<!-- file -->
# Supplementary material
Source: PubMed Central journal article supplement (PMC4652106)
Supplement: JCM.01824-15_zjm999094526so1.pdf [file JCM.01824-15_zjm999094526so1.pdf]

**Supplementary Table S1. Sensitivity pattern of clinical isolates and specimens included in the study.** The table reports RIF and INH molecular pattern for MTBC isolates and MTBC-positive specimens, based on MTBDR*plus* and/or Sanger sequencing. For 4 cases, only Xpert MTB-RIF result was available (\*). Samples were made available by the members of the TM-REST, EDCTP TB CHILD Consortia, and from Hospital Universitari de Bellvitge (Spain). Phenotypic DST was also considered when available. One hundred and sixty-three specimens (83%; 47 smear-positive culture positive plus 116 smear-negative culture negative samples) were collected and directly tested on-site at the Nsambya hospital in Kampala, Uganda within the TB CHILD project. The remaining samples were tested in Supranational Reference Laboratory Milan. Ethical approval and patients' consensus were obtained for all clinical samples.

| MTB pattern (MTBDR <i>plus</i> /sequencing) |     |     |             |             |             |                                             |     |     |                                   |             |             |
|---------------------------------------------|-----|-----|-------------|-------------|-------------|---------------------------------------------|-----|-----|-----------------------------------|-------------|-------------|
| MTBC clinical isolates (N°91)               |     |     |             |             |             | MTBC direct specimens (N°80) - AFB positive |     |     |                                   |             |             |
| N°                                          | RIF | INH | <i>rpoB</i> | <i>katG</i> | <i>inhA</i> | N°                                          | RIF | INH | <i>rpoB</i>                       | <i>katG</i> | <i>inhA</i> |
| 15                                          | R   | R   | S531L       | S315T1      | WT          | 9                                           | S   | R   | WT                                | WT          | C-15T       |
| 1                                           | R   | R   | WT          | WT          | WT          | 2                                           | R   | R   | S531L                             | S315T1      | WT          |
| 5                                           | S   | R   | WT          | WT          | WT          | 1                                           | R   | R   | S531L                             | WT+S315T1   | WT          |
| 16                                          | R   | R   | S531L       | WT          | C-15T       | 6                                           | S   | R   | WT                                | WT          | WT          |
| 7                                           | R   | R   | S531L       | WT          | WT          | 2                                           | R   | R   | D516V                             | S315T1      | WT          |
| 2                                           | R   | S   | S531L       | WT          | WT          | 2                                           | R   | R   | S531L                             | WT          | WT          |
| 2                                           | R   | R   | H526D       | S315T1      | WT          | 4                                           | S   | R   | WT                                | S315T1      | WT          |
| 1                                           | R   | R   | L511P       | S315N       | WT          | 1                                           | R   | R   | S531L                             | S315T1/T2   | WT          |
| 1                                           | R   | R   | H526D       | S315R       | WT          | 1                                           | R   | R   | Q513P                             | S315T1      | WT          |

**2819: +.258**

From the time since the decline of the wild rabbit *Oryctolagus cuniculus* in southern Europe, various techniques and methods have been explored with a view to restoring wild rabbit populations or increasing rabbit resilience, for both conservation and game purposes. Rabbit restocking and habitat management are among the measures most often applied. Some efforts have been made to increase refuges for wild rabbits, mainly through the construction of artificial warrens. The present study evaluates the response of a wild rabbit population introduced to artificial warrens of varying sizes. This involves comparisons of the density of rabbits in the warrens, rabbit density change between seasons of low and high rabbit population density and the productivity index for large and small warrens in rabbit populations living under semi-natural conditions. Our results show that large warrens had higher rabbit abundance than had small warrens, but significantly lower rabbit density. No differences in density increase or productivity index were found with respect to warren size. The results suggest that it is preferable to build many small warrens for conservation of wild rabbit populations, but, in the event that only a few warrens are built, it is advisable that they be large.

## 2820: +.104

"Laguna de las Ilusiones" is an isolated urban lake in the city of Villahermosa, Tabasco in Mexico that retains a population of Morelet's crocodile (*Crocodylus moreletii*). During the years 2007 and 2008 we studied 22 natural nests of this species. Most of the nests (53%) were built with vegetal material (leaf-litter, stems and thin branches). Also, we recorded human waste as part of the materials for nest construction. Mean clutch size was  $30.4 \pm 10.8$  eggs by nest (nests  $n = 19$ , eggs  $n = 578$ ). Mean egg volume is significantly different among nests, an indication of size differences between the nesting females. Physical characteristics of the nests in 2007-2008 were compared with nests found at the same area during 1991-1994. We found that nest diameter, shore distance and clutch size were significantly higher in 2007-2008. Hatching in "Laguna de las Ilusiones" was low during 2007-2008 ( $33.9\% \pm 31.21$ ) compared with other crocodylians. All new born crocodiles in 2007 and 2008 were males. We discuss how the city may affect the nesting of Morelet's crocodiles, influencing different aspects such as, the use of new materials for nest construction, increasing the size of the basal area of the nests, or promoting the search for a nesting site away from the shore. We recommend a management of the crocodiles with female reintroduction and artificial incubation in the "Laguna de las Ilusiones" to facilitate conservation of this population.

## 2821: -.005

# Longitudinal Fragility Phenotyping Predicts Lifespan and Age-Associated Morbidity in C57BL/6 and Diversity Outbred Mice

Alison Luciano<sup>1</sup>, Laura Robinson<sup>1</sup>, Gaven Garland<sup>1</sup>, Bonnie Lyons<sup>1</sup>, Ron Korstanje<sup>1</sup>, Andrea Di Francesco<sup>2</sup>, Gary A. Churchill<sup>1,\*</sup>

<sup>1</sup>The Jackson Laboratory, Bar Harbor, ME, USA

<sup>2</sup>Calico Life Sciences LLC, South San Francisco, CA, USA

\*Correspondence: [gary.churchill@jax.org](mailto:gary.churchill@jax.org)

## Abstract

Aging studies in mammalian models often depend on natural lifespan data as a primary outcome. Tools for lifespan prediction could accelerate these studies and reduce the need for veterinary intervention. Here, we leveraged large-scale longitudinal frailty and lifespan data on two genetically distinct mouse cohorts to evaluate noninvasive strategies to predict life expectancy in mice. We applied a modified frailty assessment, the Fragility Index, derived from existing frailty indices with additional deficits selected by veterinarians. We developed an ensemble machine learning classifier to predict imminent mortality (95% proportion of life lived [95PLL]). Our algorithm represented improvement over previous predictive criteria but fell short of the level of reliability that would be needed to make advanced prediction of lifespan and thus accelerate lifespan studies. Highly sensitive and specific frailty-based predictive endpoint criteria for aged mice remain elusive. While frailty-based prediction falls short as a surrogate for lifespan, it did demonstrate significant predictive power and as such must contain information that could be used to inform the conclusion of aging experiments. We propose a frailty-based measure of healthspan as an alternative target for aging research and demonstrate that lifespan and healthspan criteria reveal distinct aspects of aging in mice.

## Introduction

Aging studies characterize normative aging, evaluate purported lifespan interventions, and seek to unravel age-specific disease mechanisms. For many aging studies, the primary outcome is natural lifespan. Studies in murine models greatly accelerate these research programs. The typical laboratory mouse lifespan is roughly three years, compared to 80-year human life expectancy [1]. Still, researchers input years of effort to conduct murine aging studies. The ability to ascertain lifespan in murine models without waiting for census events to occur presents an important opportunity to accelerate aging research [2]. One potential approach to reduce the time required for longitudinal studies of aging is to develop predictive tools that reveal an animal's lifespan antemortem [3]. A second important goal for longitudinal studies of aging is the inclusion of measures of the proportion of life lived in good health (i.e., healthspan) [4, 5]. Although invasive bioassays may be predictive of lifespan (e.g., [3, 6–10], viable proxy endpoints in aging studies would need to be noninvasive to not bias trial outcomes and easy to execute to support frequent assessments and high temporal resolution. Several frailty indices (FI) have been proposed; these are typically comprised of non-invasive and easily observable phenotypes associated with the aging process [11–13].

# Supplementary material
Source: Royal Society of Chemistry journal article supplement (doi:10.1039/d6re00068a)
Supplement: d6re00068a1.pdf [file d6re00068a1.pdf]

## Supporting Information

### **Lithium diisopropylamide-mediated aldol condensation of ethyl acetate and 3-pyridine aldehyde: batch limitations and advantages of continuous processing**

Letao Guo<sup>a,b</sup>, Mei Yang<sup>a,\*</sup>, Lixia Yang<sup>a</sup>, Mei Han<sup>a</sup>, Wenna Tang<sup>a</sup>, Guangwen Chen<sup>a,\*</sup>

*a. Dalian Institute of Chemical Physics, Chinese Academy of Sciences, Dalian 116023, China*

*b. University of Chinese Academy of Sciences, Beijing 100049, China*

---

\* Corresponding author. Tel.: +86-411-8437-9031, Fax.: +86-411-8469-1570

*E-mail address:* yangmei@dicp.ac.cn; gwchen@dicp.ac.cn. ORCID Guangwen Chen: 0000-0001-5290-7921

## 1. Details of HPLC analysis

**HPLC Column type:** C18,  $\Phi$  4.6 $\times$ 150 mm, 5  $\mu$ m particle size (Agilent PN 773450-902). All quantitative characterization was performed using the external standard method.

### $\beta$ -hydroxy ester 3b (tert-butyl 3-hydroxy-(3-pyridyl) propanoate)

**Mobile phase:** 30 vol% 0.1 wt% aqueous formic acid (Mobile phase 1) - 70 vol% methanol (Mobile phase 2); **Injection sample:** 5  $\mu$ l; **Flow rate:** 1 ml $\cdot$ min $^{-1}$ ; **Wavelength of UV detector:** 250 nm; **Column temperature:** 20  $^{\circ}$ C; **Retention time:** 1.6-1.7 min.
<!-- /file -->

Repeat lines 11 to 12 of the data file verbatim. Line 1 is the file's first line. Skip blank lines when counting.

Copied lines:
| 5                                           | S   | R   | WT          | WT          | WT          | 1                                           | R   | R   | S531L                             | WT+S315T1   | WT          |
| 16                                          | R   | R   | S531L       | WT          | C-15T       | 6                                           | S   | R   | WT                                | WT          | WT          |